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Howard’s End: There’s Water & Then There’s Water

As worldwide concern mounts about water quality, fitness and health, bottled water has grown globally into a $NZ120 billion industry. John Howard writes.

Walk down a grocery aisle in most city's across the world and you'll be bombarded with a virtual tidal wave of bottled water brands.

But as the earth becomes more polluted there is now a perception that even "natural" water from a spring, well or aquifer may also be polluted because water readily absorbs things like minerals, salts and other "flavours." Even the choice of water container is very important.

However, perhaps because of the simplicity of water and the perception that bottled water could be little more than tap water, it is one of the most regulated of global food products.

Nevertheless, it's very important to read the label on the bottled water you purchase because not all bottled water is equal.

Bottled waters can be variously labelled drinking water, mineral water, purified water, spring water, sparkling water, artesian water, glacial water and well water. Each of them has different characteristics.

For example, the United States Food and Drug Administration, arguably the leading authority on water standards, defines mineral water as bottled water containing no less that 250 parts per million total dissolved solids and may be labelled as mineral water.

Mineral water is distinguished from other types of bottled water by its constant level and relative proportions of minerals and trace elements. No minerals can be added to the product.

"Spring Water" is defined as water derived from an underground formation from which water flows naturally to the surface of the earth and it must be collected only at the spring or through a bore hole tapping the underground formation.

Where controversy exists is over boreholes which some bottlers use by drilling nearby springs. So water from a borehole must have identical chemistry to the spring water and the spring must continue to flow even with pumping water from the same aquifer.

On the other hand, European bottlers using bore holes do not see the necessity to maintain a flow from the spring and that has been the source of a raging debate at the CODEX standards meetings in Switzerland.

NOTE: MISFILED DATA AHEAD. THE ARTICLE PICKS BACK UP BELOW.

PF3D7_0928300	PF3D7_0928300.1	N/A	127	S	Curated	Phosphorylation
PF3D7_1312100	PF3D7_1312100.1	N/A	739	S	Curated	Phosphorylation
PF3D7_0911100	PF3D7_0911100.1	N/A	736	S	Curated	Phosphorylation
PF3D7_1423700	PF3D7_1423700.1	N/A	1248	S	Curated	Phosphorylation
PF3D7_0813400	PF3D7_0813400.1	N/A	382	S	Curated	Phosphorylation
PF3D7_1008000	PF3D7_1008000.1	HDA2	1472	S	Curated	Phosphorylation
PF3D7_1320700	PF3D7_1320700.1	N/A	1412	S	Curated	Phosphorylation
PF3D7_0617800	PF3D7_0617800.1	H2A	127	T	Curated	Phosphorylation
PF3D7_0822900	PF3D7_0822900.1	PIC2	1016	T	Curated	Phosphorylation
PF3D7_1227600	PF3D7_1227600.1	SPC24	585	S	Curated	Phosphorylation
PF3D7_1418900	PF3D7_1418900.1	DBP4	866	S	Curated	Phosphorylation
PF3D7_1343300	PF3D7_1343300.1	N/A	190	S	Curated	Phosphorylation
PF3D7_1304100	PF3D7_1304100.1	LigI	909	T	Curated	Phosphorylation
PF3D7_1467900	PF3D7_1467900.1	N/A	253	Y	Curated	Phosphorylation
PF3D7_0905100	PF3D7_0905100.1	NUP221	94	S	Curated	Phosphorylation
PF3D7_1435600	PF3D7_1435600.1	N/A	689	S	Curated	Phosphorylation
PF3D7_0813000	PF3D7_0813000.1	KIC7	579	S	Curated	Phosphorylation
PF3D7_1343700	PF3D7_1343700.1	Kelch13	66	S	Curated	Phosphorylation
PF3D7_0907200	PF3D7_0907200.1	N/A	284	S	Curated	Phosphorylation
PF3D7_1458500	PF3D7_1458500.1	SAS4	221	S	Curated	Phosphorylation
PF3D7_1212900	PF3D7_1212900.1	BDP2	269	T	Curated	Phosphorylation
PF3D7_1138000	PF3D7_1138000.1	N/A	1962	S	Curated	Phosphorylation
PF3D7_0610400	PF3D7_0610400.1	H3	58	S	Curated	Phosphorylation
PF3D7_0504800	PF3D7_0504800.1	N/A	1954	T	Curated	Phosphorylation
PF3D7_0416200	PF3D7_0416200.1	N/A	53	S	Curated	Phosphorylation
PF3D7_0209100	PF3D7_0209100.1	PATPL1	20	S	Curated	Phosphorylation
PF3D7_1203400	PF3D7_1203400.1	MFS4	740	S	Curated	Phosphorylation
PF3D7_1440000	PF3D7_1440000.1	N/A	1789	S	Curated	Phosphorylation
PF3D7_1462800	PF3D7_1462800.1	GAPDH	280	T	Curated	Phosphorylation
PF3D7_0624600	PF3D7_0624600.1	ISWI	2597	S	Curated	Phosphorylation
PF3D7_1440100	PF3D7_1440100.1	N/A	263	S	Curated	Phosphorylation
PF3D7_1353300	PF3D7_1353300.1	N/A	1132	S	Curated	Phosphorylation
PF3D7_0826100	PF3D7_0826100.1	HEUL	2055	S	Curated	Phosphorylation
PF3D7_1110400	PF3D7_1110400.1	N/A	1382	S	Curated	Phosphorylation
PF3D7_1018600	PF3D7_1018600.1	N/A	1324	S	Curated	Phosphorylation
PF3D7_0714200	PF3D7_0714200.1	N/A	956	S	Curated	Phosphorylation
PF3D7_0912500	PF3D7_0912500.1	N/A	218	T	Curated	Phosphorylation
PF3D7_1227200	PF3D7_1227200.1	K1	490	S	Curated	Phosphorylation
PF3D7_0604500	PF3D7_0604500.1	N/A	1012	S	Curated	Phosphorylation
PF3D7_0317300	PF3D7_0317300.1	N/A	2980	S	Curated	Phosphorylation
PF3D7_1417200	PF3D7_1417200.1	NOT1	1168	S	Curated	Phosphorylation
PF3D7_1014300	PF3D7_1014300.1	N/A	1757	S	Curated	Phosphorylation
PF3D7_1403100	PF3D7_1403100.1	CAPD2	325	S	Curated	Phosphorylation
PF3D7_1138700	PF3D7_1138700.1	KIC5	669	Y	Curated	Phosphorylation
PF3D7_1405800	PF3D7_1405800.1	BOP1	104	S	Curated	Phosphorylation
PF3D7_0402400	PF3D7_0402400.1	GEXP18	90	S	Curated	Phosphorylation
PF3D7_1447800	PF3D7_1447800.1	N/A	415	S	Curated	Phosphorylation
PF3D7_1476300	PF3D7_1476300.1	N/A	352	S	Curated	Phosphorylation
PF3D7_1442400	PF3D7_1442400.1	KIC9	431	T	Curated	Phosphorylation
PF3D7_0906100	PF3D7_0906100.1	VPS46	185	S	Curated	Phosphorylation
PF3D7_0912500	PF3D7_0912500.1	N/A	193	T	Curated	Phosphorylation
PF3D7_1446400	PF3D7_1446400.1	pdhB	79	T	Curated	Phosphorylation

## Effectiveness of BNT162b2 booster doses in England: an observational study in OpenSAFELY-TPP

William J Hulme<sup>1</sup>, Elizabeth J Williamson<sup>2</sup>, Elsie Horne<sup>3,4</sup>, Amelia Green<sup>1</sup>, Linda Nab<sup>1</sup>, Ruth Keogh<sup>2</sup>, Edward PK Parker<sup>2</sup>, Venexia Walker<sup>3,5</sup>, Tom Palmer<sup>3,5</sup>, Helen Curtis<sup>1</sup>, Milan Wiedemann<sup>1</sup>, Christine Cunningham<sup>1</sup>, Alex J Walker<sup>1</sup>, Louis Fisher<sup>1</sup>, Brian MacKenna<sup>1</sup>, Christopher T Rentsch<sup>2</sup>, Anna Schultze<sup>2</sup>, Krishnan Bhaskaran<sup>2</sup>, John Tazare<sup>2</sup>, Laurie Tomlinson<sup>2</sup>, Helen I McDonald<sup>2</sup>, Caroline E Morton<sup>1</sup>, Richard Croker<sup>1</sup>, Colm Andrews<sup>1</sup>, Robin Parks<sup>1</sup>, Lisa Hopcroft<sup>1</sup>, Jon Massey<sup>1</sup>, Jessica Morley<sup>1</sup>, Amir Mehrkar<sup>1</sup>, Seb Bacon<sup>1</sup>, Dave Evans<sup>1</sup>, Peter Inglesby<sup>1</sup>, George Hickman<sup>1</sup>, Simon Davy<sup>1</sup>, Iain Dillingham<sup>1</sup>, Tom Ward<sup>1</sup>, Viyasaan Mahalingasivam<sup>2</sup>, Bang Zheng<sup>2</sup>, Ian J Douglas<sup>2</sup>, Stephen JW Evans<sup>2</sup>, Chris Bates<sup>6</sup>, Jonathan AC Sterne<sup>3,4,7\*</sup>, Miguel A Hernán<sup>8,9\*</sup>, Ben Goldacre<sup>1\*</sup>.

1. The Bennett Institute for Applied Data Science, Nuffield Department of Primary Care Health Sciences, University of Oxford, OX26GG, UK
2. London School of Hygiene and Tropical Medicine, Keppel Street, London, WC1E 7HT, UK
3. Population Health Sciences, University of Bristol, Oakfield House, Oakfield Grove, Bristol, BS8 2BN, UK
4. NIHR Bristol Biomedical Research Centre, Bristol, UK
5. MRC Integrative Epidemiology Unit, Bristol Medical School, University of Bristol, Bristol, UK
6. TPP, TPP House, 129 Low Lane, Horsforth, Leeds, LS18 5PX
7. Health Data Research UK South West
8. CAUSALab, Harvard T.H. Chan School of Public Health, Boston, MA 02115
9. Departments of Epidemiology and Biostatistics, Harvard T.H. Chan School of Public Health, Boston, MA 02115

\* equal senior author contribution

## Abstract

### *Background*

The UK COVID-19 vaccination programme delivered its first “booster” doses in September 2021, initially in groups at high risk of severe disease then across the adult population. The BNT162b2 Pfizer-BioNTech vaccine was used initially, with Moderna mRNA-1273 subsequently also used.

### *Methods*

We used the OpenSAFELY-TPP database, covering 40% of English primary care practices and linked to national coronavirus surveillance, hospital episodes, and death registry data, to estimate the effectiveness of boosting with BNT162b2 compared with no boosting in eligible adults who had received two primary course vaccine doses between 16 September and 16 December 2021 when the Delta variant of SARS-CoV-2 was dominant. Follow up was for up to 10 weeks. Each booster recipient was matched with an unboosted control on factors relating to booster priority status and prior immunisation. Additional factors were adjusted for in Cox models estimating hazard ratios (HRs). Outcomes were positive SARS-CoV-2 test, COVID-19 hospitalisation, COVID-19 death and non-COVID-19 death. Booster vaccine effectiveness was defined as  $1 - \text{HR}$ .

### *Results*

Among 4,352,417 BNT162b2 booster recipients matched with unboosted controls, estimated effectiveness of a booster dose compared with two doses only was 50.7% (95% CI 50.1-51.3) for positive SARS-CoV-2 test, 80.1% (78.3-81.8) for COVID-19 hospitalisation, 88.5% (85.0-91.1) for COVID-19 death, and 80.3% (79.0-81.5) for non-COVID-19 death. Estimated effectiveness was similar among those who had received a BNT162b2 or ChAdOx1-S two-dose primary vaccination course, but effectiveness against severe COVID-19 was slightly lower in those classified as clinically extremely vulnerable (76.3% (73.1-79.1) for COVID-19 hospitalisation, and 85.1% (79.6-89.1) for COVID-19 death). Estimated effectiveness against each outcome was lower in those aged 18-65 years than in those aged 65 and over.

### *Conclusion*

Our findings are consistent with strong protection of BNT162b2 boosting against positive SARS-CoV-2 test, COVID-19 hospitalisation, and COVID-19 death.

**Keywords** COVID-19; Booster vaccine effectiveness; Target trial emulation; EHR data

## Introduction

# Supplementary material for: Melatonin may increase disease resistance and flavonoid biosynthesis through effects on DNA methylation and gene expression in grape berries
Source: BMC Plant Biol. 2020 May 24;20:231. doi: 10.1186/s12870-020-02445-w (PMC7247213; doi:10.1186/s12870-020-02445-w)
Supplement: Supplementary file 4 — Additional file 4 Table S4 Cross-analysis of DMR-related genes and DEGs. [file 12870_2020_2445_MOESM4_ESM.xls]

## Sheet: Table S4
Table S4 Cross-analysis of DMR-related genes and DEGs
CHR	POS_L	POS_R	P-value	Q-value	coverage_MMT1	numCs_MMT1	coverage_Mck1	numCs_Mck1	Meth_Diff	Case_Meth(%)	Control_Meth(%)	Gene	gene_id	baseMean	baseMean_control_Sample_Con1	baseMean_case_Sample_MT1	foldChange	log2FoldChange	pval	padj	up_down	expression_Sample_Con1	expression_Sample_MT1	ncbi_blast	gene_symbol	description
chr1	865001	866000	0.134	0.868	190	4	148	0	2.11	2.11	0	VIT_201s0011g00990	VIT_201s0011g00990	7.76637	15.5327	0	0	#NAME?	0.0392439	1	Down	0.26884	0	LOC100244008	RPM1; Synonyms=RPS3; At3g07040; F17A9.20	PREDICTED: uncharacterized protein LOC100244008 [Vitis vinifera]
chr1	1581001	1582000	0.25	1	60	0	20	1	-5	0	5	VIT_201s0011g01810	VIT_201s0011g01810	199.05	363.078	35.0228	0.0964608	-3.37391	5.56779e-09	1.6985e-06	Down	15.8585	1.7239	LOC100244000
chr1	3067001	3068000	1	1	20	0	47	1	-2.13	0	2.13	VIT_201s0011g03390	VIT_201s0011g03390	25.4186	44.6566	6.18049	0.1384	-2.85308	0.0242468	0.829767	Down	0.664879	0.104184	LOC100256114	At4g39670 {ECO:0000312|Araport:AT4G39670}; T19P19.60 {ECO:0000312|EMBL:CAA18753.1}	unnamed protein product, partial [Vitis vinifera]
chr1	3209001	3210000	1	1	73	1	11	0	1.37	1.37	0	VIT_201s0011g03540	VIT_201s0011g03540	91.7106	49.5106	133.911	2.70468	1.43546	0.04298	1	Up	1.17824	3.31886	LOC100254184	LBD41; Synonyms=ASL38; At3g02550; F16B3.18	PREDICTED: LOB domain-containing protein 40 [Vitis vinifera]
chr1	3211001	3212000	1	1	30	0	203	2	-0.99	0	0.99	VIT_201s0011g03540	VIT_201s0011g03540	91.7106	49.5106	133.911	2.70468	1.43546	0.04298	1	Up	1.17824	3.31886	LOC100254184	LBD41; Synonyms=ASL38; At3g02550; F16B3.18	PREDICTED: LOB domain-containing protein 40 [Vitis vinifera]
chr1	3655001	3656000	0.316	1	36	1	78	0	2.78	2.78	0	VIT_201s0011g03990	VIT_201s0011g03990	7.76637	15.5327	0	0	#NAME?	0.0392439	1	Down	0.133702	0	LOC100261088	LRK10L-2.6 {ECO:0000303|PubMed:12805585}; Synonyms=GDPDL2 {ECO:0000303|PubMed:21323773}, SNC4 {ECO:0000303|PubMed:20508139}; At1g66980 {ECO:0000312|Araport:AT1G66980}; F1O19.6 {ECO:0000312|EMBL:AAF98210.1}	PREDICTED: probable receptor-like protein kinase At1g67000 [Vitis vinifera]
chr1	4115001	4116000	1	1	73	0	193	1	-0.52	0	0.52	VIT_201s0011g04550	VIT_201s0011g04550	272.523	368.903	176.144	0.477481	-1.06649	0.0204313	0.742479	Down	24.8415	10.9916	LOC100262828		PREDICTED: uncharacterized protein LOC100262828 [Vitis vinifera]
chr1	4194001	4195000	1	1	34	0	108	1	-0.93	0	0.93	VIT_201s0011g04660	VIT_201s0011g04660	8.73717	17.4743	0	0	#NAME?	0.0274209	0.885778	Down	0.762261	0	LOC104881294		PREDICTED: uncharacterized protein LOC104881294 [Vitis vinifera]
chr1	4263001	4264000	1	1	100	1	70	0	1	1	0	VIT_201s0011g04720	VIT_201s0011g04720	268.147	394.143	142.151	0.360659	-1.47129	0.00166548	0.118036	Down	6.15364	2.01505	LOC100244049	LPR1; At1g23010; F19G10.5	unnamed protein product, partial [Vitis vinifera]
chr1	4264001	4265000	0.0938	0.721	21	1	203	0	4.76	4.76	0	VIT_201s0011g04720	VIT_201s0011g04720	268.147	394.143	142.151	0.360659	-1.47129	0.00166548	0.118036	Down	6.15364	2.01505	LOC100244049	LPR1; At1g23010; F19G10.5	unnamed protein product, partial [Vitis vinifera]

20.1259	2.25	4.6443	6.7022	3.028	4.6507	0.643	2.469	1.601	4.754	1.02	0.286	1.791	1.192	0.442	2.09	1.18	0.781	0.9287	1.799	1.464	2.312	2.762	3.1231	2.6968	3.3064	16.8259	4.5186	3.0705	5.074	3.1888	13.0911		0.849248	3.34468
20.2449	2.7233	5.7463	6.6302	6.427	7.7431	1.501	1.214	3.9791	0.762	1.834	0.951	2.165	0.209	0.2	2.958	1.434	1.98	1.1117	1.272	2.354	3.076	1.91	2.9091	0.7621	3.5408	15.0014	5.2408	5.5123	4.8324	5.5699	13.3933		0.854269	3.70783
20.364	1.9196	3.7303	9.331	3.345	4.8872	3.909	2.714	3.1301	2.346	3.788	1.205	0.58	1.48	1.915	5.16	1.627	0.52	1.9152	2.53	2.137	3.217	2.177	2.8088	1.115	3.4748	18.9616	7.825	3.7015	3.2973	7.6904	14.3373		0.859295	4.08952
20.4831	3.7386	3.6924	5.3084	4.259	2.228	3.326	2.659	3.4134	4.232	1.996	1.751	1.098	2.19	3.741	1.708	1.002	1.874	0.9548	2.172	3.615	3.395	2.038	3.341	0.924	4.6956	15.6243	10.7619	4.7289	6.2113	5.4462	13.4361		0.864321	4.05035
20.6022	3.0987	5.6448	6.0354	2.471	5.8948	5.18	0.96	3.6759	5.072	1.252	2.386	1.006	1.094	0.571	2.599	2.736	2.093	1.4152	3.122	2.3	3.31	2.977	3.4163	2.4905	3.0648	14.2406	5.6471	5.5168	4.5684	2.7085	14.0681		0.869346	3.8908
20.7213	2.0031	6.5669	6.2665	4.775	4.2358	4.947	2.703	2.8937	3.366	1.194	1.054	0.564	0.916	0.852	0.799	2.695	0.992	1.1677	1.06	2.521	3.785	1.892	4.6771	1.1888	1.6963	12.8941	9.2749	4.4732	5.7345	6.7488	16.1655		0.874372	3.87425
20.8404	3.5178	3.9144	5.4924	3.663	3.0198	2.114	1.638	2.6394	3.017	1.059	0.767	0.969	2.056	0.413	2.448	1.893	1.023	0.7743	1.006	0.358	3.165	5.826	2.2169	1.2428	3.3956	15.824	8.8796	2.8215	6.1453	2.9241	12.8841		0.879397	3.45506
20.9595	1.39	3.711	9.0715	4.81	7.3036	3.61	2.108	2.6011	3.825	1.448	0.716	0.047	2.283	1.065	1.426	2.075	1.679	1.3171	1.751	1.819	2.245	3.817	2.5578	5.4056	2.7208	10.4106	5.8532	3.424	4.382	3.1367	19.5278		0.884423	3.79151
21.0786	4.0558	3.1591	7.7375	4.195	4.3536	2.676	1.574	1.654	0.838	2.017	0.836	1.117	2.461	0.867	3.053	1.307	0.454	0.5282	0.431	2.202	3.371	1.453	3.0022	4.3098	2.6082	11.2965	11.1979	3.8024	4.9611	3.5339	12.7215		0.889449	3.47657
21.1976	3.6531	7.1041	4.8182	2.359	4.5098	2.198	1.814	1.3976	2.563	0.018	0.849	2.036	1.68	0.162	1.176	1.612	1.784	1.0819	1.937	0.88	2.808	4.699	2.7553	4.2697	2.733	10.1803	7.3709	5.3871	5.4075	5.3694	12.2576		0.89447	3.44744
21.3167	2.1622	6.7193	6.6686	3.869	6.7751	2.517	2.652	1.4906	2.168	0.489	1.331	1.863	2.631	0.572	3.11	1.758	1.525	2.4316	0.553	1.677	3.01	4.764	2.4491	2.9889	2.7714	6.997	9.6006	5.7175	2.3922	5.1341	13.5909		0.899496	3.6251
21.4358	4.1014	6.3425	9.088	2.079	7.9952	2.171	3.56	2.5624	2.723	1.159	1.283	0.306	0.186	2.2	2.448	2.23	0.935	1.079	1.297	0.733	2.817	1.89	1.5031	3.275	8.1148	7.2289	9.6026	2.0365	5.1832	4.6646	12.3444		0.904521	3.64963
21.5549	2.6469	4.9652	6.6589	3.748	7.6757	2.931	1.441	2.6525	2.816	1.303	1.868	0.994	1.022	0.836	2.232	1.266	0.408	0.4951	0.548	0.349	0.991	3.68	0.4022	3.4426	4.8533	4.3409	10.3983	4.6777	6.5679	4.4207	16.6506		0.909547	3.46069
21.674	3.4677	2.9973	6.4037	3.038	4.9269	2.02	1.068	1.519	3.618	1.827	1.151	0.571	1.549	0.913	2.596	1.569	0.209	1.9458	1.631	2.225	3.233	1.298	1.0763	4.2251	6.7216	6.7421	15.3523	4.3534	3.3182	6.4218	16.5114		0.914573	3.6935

Some European bottled waters do not meet the US standards and cannot be sold there.

Then there's water labelled "purified." This is water that has been produced by distillation, deionisation reverse osmosis or other suitable processes.

Clearly, then, we should carefully read and understand the labelling of bottled water before making our purchase because in the nutrients facts panel some bottled waters have a lot of zeros for fat, carbohydrates and proteins.

It seems to me that the nutrients panel space would be of more use to consumers with an analysis of what is in the water - rather than what is not.

Most consumers would like to know where their bottled water actually comes from and they should be given the information about the spring and its location.

After all, springs are an important point of difference between the brands and source disclosure and location should be a requirement.

A German water scientist friend recently told me that New Zealand has to be "just the luckiest country in the world when it comes to water."

She said on the West Coast, with no measurable air pollution, crystal clear atmosphere and high rainfalls, the water must be among the purest in the world. That claim is about to be tested.

But it's another story when water actually hits the ground because, like in every other place in the world, the water may have to be treated for things like giardia and e.coli bacteria before drinking.

She said there is less than 1% of the total of the earth's water that is available for human consumption.

Apparently, 97% of the earth's water is too salty and can only be used if processed by desalinisation plants. A further 2% is not available because it is polluted or part of the ice caps.

The human body contains over 75% water. It is the transport system which moves nutrients around the body as well as carrying waste out of the body. Water also breaks down food, keeps out body temperature balanced and helps our skin to remain elastic.

We can live for weeks without food but only a few days without water. Some doctor's say we should be drinking eight glasses of water each day to detoxify our body and to prevent dehydration - attributed as one of the causes of many modern ailments.

Film stars like Tom Hanks, Cybil Shepherd, Bruce Willis, Demi Moore and Elizabeth Taylor all have a passion for bottled water. Jack Nicholson even smuggled a one litre bottle into the recent Oscar's where beverages were not allowed. Rachel Welch washed her hair in it and Michael Jackson bathes in it.

Bottled water with a twist of lemon or lime is a favourite and sparkling water with a dash of bitters is a good alternative to alcohol for designated drivers.

Can we be confident and feel secure when buying bottled water? The simple answer is yes.

But knowing what you are buying requires some research along with scrutiny of the label and understanding the nuances of the words on the labels.

Armed with proper information, we can then make an informed purchase decision on our next visit to the supermarket.

© Scoop Media

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